I live in prosperous Bucks County, Pennsylvania. There are lovely parks, roads are clean, and every fall a group of businesses and nurseries plant literally thousands of daffodil bulbs for a program called Bucks Beautiful. Then every spring, along roadsides, canal paths, and traffic circles, there are great bursts of golden yellow. And who passes by all this? None other than the horticultural Ebenezer Scrooge, a.k.a. Diana Wells.
I like daffodils and have them in my garden, but (sorry) I think there is such a thing as too many daffodils—at least if we’re talking about the stout, flashy hybrids so popular nowadays. A row of them (and they often seem to be planted in lines) somewhat reminds me of dozens of sunny-side-up eggs on the counter of a busy diner.
Shakespeare wrote movingly about the daffodils that “take/The winds of March with beauty.” Wordsworth, wandering “lonely as a cloud” came upon “a host of golden daffodils,” a sight that ever afterwards lifted his spirits at the memory and remained in his heart that, he wrote, still “dances with the daffodils.”
So what’s the matter with Ebenezer Wells and this attack on one of the great beauties of spring? Well, Shakespeare and Wordsworth weren’t writing about the fat golden flowers of today—but about the little scented daffodils growing wild in the English countryside. Daffodils hybridize easily, and even in Shakespeare’s era a shipment of new hybrids from Constantinople was planted along the Thames embankment—most likely having much the same effect as the Bucks Beautiful plantings. But they wouldn’t yet have spread into the countryside—and the charming wild daffodils still grow in many parts of Britain.
Traditionally, the flowers Persephone was gathering when Hades, king of the underworld, fell for her and abducted her were daffodils—which come back (as she did) every spring. Narcissus, who was exquisitely beautiful (and had spurned the goddess Echo), saw his own image in a pool, leaned over to possess it, and drowned, becoming the lovely flower named for him.
I have daffodils in my garden (even, I confess, a few pink ones!), but my real springtime love is for the little species bulbs, and for the East Coast spring wildflowers that are becoming increasingly rare, often overwhelmed by successful newcomers.
Not all newcomers are harmful, and some are beautiful. Although I find big, flashy daffodils too much, I know that some people love them and that they aren’t really as harmful as the invasive plants that take over whole countries, in spite of our efforts to control them.
Barriers often don’t stop such pests. There’s a famous example of the Oxford ragwort—a pernicious weed found in the Oxford botanical garden (founded in 1621). The garden was divided into plots of various interesting and healing plants and enclosed by a wall. We don’t know who actually introduced the ragwort from Sicily, but we do know that by the end of the 18th century it had escaped over the walls and even used the crevices to reseed itself—and had gone on to colonize the walls of the city itself. In the 1830s, it reached the railway station, where it proceeded to naturalize along the railroad tracks, the fluffy seeds blown along by the trains. By the 1940s, it was widespread all over Britain.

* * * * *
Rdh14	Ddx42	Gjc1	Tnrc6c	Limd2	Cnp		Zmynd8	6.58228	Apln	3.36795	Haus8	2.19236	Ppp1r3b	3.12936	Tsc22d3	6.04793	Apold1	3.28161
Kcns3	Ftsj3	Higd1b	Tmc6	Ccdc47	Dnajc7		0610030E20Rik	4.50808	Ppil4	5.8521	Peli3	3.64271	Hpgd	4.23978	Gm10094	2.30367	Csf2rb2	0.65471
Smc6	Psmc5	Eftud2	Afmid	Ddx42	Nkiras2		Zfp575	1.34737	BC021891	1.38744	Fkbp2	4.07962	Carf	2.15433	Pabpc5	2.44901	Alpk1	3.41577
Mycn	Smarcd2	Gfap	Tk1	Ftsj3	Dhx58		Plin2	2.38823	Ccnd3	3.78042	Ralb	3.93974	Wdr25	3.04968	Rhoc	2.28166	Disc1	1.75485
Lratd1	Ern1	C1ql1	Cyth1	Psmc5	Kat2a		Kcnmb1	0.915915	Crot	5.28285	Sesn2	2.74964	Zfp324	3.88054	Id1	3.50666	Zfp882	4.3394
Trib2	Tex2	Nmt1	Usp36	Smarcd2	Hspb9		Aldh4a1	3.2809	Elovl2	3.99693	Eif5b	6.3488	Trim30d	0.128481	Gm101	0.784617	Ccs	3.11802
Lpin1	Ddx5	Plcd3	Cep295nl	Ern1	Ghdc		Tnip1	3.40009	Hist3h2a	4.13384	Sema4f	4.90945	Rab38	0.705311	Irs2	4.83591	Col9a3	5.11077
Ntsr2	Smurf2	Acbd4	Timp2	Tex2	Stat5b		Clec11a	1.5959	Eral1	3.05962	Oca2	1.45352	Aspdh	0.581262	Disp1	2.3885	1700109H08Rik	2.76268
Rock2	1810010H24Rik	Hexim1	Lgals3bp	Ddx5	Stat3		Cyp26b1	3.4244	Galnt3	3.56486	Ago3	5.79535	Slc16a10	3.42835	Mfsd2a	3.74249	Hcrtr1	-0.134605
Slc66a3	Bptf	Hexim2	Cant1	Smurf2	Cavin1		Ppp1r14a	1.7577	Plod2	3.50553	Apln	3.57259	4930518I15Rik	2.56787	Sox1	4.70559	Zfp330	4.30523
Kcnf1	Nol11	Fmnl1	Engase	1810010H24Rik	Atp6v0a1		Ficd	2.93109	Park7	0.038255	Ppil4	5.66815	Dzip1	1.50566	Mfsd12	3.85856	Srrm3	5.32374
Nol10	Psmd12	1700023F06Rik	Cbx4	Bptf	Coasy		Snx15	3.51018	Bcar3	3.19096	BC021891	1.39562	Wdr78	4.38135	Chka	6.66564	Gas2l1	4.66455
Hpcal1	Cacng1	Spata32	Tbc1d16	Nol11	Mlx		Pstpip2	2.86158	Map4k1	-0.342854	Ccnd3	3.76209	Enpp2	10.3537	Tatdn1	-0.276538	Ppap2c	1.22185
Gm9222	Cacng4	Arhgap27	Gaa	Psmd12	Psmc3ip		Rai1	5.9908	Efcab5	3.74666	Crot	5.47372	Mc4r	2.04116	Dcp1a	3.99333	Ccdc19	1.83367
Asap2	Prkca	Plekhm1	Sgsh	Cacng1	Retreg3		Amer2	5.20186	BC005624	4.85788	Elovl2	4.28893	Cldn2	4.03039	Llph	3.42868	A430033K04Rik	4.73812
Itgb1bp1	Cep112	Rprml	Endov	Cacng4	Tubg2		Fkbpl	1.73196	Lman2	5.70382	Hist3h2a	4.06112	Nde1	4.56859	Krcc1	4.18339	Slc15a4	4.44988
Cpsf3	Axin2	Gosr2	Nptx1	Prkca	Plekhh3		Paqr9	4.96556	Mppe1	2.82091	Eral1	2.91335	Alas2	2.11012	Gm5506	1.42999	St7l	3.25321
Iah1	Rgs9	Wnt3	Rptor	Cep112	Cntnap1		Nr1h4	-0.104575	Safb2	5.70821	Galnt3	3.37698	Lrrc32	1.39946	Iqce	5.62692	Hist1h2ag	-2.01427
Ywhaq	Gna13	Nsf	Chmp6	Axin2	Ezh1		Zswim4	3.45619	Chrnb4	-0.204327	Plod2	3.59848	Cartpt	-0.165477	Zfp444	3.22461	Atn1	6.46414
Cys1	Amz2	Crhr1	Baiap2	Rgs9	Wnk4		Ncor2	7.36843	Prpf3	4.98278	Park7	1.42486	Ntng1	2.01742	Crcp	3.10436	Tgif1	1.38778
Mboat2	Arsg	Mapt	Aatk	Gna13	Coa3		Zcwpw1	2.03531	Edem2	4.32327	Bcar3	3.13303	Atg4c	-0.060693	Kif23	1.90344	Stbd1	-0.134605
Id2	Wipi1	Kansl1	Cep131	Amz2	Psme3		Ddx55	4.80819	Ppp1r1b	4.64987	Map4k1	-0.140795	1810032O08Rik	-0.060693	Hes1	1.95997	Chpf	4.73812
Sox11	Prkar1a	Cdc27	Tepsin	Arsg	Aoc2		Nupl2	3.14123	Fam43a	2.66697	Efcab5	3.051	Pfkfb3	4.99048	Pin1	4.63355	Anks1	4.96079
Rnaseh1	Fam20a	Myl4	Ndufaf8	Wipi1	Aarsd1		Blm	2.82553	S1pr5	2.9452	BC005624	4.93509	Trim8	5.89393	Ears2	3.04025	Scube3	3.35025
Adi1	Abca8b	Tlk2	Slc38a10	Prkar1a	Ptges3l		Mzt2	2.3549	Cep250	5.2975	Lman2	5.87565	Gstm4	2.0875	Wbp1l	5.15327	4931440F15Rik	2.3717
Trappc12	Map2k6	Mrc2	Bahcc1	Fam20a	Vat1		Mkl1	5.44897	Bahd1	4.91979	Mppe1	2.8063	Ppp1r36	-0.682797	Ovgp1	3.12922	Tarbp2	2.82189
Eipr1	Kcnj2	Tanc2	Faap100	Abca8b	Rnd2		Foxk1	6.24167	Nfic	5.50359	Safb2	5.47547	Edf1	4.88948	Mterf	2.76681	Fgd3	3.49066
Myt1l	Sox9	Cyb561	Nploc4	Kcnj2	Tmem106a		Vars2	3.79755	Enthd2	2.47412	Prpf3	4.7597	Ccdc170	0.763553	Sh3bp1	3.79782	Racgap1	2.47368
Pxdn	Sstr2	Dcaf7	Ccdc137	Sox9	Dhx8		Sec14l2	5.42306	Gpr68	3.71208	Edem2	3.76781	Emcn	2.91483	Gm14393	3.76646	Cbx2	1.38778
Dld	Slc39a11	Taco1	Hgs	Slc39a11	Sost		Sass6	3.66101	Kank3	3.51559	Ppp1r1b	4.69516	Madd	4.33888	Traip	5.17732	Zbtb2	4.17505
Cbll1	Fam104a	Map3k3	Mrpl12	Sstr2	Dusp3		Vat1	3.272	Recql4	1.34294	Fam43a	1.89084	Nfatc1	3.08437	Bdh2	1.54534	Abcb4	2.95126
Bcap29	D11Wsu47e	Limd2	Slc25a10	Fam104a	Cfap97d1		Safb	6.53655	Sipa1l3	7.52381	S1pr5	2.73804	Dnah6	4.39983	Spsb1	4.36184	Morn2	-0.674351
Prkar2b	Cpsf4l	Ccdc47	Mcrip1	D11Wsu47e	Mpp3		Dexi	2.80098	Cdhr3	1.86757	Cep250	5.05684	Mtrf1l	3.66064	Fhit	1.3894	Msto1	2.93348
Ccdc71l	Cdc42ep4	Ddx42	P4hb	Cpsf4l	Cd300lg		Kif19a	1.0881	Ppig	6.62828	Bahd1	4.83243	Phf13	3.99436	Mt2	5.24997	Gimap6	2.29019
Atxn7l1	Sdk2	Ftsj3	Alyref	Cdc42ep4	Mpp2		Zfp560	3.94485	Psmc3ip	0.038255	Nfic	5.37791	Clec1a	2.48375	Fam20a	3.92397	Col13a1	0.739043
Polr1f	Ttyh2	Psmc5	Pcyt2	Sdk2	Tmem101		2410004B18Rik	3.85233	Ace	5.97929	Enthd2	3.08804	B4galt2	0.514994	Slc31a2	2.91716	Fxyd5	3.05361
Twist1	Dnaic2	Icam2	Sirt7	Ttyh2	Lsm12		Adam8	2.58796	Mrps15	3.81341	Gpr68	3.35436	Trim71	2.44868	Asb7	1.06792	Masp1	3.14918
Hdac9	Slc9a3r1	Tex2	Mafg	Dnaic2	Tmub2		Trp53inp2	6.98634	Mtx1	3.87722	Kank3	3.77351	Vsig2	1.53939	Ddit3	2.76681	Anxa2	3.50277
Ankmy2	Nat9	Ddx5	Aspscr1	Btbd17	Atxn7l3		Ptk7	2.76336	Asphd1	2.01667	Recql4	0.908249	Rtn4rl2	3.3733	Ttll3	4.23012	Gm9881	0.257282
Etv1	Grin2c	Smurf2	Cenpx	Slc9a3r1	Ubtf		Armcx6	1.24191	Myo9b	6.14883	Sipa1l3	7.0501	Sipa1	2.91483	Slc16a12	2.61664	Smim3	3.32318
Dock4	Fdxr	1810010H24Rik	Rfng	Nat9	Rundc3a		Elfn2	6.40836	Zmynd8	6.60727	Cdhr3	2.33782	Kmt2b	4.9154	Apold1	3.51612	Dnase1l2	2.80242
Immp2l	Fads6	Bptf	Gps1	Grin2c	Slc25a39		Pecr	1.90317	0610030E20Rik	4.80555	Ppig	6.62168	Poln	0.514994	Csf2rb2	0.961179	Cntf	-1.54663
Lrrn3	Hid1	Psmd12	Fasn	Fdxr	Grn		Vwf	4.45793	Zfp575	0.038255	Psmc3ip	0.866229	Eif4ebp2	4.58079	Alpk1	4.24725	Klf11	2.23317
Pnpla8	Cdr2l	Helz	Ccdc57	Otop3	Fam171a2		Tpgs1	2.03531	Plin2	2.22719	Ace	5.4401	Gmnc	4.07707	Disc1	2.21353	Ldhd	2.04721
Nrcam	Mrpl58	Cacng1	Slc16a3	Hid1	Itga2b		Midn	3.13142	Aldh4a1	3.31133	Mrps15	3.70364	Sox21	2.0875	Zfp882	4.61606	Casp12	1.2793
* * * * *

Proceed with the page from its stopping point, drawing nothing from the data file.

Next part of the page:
The only way it seems we gardeners can help (apart from spending our whole lives weeding) is by protecting and nurturing the weak and overwhelmed. Flashy daffodils look after themselves—even deer won’t touch them (their sap contains an irritant, calcium oxalate). But the various little wildflowers that grow in the woods around us (what woods are left) could do with our care and protection. I’d like to see more of them along roads and paths. These days I plant as many native and challenged plants as possible—and go easy on imports. My wildflower garden is as staggeringly beautiful as any host of daffodils, even if it doesn’t stop traffic. Virginia bluebells, bloodwort, spring beauties, Dutchman’s breeches, rampion, ferns, trilliums, and dog’s tooth violets are some of the plants early newcomers to America raved about, even when they were introducing favorites from Europe—sometimes with unfortunate consequences. They also sent plants back to Europe—and no one worried much about these exchanges.
We now have a country of mixed flora and fauna—and nothing is going to change that. Yes, huge daffodils are, in my opinion, a bit much, but spring is a short season, and I’m 76 years old. So, instead of grumbling, I should probably, like the poet Herrick (1648), accept all the “Faire daffodils” and “weep to see/You haste away so soone.” I should admire their bright announcement that spring is here—even if some are a bit bold in their statements! ❖